Opioids riskier than NSAIDs in elderly with arthritis.
Although NSAIDs are known to pose certain risks, the results of the study "support the safety of [NSAIDs] compared with other analgesics," said Dr. Daniel H. Solomon and his associates at Brigham and Women's Hospital, Boston.
Few studies have examined the relative risks of the three major analgesic groups: NSAIDs, opioids, and coxibs (selective cyclooxygenase-2 inhibitors). "Postmarketing surveillance data from usual care cohorts provide an opportunity to examine comparative safety across a wide range of events and can complement safety data from randomized controlled trials. However, imbalance in baseline population characteristics confounds many postmarketing surveillance studies," Dr. Solomon and his colleagues noted (Arch. Intern. Med. 2010;170:1968-78).
To compare safety, the researchers performed a propensity-matched cohort analysis using information from a Medicare database of pharmaceutical coverage for low-income elderly residents of Pennsylvania and New Jersey in 1999-2005. The study population included 12,840 adults with rheumatoid arthritis or osteoarthritis who began using one of the three types of analgesics during the study period and were followed for at least 1 year.
Adverse safety event rates were high for all three groups, and the rate of those events leading to hospitalization was greater than 100 per 1,000 person-years for all three types of analgesics.
Opioid users had the highest rates of serious adverse events. In particular, the rate of hip, pelvis, wrist, or humerus fractures was 101 per 1,000 person-years in the opioid group, compared with 19 per 1,000 person-years in the coxib group and 26 per 1,000 person-years in the NSAID group. A link between opioids and fractures had been reported previously, but "the strength of the association we observed is larger than in previous reports," the researchers said.
Compared with NSAIDs, opioids (hazard ratio, 1.77) and coxibs (HR, 1.28) were associated with elevated risk for cardiovascular events such as MI, stroke, heart failure, revascularization, and cardiac death. That "unexpected" finding regarding such severe events warrants further study, the investigators noted.
Compared with NSAIDs, risk for upper GI bleeding, lower GI bleeding, or bowel obstruction was similarly high for opioid users (HR, 1.07) but was lower for coxib users (HR, 0.60).
In general, opioid users experienced the most adverse events over time, whereas NSAID users experienced the fewest. In addition, "opioid users experienced moderate risk early in treatment," the investigators noted, while the other groups did not. Opioid users had significantly higher all-cause mortality (75 deaths per 1,000 person-years) than did either NSAID users (48 deaths per 1,000 person-years) or coxib users (47 deaths per 1,000 person-years).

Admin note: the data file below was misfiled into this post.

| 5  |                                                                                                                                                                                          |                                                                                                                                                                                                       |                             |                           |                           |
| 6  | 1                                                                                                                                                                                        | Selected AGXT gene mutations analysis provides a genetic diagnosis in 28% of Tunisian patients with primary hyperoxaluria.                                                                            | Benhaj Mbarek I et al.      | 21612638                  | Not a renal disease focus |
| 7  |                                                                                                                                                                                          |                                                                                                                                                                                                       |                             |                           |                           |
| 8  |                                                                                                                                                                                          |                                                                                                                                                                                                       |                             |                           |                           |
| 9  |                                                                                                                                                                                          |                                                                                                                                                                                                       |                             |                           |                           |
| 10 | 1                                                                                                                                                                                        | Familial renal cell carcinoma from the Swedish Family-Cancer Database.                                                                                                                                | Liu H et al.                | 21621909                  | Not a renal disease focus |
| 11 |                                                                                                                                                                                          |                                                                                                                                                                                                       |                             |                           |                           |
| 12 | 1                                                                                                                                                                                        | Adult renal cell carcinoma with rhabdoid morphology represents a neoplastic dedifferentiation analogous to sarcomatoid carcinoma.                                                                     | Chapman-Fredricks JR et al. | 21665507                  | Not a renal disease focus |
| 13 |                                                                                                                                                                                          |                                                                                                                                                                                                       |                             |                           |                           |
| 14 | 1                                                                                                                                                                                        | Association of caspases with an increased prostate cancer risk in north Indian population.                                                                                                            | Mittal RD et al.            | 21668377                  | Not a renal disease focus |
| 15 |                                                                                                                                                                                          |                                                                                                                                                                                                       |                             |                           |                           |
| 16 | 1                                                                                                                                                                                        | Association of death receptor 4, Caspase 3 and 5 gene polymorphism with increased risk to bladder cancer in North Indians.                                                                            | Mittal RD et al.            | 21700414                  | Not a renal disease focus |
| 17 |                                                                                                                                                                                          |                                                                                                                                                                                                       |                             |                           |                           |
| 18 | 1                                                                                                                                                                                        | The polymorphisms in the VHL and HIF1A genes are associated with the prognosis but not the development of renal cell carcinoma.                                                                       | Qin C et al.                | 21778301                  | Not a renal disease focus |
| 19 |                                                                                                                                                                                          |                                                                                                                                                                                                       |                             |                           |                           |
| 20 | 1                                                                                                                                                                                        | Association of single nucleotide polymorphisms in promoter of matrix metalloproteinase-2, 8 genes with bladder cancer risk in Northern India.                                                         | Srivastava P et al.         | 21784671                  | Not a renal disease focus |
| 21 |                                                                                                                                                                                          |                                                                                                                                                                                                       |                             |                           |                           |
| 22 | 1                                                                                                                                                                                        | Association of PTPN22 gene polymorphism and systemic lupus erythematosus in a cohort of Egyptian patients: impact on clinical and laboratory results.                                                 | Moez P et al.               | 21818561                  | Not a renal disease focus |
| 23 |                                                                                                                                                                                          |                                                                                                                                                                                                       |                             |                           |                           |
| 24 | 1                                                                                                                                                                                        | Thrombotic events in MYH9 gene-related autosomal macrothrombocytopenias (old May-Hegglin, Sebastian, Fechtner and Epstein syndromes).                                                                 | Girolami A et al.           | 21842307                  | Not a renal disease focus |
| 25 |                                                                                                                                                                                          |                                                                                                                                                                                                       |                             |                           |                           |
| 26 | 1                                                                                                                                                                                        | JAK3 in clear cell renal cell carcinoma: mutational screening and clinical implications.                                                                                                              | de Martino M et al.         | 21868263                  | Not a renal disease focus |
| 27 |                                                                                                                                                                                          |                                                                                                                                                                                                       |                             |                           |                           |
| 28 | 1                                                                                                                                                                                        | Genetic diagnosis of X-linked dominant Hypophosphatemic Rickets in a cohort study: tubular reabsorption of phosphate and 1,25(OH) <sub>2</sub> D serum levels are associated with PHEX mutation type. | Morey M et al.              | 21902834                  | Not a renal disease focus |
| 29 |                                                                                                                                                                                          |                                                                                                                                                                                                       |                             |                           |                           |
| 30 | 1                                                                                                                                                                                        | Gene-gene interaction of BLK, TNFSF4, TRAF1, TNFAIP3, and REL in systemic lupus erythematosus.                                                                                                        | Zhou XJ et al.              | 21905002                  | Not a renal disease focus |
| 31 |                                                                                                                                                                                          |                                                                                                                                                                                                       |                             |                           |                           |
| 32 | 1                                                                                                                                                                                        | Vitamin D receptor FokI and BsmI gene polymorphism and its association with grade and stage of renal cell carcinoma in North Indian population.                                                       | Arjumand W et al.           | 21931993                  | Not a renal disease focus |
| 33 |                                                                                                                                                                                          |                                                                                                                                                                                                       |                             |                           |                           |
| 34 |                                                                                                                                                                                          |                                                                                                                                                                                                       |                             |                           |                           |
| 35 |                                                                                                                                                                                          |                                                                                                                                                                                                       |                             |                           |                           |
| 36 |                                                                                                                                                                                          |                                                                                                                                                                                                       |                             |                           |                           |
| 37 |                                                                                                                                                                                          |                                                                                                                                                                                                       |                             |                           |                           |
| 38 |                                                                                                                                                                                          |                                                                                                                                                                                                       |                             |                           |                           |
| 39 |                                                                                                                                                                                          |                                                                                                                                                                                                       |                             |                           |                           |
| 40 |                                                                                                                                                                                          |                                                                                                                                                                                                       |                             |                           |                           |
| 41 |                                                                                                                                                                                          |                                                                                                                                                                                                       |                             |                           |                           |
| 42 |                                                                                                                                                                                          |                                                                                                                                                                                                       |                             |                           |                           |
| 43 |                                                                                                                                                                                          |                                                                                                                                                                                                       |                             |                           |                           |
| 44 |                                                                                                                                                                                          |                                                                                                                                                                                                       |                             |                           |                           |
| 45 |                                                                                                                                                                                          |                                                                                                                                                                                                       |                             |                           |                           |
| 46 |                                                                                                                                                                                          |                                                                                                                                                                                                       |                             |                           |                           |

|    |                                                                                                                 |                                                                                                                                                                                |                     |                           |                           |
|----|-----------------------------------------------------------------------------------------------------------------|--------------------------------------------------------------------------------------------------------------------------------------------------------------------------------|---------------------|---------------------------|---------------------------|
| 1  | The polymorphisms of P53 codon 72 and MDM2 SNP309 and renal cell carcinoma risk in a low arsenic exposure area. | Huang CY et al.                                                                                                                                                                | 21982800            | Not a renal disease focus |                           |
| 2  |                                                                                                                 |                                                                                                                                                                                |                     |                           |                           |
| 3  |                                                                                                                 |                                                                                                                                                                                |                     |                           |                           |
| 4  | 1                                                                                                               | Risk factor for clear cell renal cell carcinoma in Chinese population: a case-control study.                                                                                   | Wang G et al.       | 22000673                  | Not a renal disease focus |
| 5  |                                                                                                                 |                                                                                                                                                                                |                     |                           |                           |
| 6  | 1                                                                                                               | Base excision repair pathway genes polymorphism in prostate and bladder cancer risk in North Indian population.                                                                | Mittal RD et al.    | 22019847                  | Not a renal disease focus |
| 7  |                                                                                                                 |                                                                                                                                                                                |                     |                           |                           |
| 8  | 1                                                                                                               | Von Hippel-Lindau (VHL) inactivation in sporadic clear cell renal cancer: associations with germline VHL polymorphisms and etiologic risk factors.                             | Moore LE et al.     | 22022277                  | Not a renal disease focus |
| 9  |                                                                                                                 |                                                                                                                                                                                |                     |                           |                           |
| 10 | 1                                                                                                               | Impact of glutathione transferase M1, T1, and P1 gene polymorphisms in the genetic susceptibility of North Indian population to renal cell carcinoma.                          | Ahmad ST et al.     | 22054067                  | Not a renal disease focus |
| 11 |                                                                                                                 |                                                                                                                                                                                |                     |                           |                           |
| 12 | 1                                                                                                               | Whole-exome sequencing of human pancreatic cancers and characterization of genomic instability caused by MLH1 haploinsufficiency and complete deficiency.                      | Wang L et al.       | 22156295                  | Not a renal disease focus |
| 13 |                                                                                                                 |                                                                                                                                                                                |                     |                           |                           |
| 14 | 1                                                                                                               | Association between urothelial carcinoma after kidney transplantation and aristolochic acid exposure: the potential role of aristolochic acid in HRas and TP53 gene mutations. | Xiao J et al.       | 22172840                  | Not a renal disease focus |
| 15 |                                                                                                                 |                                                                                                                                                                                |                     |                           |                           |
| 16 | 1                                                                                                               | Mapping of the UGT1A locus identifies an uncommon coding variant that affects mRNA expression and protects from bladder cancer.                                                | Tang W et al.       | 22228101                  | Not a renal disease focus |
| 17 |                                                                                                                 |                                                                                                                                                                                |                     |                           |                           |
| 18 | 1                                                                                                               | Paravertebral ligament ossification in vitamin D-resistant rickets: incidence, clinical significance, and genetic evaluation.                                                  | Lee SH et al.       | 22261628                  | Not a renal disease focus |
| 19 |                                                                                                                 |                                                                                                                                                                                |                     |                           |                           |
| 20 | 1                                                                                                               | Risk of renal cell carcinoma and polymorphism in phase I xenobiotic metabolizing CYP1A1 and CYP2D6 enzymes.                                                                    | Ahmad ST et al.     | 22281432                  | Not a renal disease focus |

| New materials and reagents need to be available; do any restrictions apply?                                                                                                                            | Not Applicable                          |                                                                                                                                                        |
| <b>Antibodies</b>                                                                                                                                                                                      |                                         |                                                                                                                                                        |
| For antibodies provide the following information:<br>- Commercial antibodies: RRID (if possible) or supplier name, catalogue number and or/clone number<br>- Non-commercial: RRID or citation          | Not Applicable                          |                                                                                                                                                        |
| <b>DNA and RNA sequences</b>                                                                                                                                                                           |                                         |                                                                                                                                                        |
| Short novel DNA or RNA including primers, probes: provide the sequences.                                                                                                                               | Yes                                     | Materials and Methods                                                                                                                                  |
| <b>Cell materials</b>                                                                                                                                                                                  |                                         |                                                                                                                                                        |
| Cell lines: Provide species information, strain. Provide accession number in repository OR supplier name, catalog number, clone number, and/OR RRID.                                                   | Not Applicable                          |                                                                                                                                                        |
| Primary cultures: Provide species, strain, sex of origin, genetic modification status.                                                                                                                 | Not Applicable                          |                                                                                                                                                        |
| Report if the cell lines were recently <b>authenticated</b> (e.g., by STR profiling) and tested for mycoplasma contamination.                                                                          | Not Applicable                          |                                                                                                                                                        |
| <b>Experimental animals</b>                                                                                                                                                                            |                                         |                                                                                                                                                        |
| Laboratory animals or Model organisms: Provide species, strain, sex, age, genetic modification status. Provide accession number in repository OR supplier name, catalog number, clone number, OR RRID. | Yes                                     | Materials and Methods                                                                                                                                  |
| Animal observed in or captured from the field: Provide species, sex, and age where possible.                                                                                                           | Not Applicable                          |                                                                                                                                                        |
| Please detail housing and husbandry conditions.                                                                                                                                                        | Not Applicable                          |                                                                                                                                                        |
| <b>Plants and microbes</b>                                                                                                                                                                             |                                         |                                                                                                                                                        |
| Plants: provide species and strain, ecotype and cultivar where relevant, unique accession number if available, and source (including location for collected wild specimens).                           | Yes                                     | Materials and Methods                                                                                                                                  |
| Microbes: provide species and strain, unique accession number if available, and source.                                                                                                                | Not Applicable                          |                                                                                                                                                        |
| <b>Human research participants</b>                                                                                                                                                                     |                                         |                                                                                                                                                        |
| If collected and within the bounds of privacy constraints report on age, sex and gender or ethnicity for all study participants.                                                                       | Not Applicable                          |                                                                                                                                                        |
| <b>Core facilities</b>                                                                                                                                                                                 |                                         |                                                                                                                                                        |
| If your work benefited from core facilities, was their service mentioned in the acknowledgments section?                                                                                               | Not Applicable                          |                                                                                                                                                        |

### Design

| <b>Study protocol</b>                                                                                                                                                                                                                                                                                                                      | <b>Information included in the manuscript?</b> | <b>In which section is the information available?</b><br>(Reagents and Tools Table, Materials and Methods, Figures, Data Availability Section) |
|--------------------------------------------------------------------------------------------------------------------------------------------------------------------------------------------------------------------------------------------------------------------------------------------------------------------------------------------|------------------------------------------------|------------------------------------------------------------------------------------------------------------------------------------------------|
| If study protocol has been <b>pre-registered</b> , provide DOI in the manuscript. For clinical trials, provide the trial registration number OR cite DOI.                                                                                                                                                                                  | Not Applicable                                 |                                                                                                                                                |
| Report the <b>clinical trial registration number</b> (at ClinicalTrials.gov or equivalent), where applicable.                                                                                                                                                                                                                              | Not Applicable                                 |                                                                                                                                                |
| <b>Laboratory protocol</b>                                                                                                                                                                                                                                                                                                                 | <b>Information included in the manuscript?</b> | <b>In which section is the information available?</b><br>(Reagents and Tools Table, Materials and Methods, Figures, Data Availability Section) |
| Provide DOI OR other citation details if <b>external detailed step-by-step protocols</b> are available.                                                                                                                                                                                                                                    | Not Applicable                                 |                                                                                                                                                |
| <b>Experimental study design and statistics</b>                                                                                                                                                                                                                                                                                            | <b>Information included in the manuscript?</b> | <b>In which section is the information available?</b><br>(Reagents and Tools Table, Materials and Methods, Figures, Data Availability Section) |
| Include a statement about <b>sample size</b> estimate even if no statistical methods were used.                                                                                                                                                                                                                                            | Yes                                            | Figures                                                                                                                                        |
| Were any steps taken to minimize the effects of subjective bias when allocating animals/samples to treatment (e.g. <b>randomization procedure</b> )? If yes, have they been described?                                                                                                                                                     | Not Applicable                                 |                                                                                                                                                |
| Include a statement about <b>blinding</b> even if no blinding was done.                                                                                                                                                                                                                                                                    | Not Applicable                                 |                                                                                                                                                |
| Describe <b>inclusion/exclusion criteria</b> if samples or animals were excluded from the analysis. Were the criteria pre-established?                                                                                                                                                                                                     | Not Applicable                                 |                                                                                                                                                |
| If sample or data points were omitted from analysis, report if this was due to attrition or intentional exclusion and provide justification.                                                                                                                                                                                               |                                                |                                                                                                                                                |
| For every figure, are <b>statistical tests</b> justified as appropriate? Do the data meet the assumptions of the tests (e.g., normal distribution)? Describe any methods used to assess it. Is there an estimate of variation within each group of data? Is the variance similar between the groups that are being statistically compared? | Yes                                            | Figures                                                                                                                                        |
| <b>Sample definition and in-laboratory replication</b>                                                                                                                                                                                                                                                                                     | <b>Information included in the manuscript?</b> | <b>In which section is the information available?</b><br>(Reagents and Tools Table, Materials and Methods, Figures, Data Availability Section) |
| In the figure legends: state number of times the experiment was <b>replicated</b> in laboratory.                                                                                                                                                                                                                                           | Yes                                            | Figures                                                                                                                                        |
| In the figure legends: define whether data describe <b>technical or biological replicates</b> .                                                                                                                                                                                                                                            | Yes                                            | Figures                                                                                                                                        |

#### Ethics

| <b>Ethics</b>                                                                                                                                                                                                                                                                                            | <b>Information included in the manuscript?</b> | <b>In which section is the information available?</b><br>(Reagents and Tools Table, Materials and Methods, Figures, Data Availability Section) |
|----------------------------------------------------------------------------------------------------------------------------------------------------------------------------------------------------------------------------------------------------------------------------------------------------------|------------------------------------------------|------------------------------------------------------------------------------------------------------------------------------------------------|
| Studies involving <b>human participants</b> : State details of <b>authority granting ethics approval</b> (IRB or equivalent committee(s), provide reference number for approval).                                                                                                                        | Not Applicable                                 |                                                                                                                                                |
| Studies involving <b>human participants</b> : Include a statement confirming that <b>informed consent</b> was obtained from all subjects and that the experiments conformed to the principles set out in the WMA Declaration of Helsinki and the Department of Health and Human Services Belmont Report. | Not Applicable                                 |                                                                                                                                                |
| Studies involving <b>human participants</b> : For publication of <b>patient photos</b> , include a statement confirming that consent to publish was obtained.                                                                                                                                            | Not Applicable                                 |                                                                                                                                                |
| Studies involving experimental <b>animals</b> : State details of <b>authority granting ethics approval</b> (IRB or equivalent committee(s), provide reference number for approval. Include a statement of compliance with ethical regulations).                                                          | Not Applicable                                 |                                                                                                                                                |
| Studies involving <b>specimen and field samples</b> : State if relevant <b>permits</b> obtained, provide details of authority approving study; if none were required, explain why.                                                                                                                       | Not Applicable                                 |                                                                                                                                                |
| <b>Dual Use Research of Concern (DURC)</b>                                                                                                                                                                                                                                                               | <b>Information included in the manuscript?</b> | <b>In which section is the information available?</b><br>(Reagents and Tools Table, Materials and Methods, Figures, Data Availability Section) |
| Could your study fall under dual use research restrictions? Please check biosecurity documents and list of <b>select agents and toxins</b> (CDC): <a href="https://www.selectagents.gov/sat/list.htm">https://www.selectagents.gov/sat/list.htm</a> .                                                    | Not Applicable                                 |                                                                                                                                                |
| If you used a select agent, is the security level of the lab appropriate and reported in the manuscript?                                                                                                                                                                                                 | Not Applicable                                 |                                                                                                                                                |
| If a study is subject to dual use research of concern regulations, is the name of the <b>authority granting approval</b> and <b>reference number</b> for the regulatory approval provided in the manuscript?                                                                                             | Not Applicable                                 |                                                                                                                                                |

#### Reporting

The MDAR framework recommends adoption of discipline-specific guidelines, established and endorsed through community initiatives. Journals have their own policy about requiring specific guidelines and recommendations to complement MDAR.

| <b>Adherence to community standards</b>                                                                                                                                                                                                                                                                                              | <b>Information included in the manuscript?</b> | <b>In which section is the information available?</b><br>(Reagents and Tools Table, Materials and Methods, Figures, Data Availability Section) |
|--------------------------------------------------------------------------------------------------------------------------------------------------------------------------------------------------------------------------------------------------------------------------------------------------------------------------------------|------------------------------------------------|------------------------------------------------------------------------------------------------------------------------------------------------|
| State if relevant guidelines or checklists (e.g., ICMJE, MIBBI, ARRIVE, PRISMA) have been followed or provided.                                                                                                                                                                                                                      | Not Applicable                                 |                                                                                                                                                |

The study findings indicate that recent concerns that have been raised regarding the use of opioids for nonmalignant pain are warranted, Dr. Solomon and his colleagues said.
Major Finding: Opioid users had higher rates of overall adverse events, severe adverse events, cardiovascular events, fractures, and all-cause mortality than did NSAID users or coxib users.
Data Source: A propensity score-matched cohort analysis involving 12,840 elderly patients taking opioids, NSAIDs, or coxibs for rheumatoid arthritis or osteoarthritis pain.
Disclosures: The study was supported by the Agency for Healthcare Research and Quality. Dr. Solomon reported being an unpaid member of a celecoxib trial executive committee sponsored by Pfizer and an unpaid member of the data safety monitoring board for an analgesic trial sponsored by Pfizer.
BY MARY ANN MOON
FROM ARCHIVES OF INTERNAL MEDICINE
RELATED ARTICLE: VIEW ON THE NEWS
A Statistical Oversight
The propensity matching was meticulous in this study, leading to well-balanced baseline characteristics among the three treatment groups. This reassures readers that the observational study design is as robust as possible, and that treatment effects alone account for the observed differences among opioid, NSAID, and coxib users.
However, there is a single unmeasured confounder that calls into question the validity of some of the study findings: the use of over-the-counter NSAIDs, said Dr. William C. Becker and Dr. Patrick G. O'Connor.
It is likely that "a significant proportion" of patients in the opioid group were also taking NSAIDs, because "physicians routinely recommend antiinflammatory medication in addition to opioids to achieve therapeutic synergy in the treatment of arthritis," they noted.
"It seems implausible that a group of 'opioid-only' elderly patients" who were actually taking supplemental NSAIDs would have a higher risk of adverse cardiovascular events, GI bleeding, and acute kidney injury than would a group taking NSAIDs alone, because these are all known effects of NSAID therapy.
Despite this limitation, "the data on falls and fracture from this ... study are nonetheless compelling and carry important clinical implications," the two authors wrote.
DR, BECKER and DR. O'CONNOR are in general internal medicine at Yale University, New Haven, Conn. They reported no financial disclosures. These comments were taken from their invited commentary accompanying Dr. Solomon's report (Arch. Intern. Med. 2010;170:1986-8).
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|Title Annotation:||PAIN MEDICINE|
|Author:||Moon, Mary Ann|
|Publication:||Clinical Psychiatry News|
|Article Type:||Clinical report|
|Date:||Mar 1, 2011|
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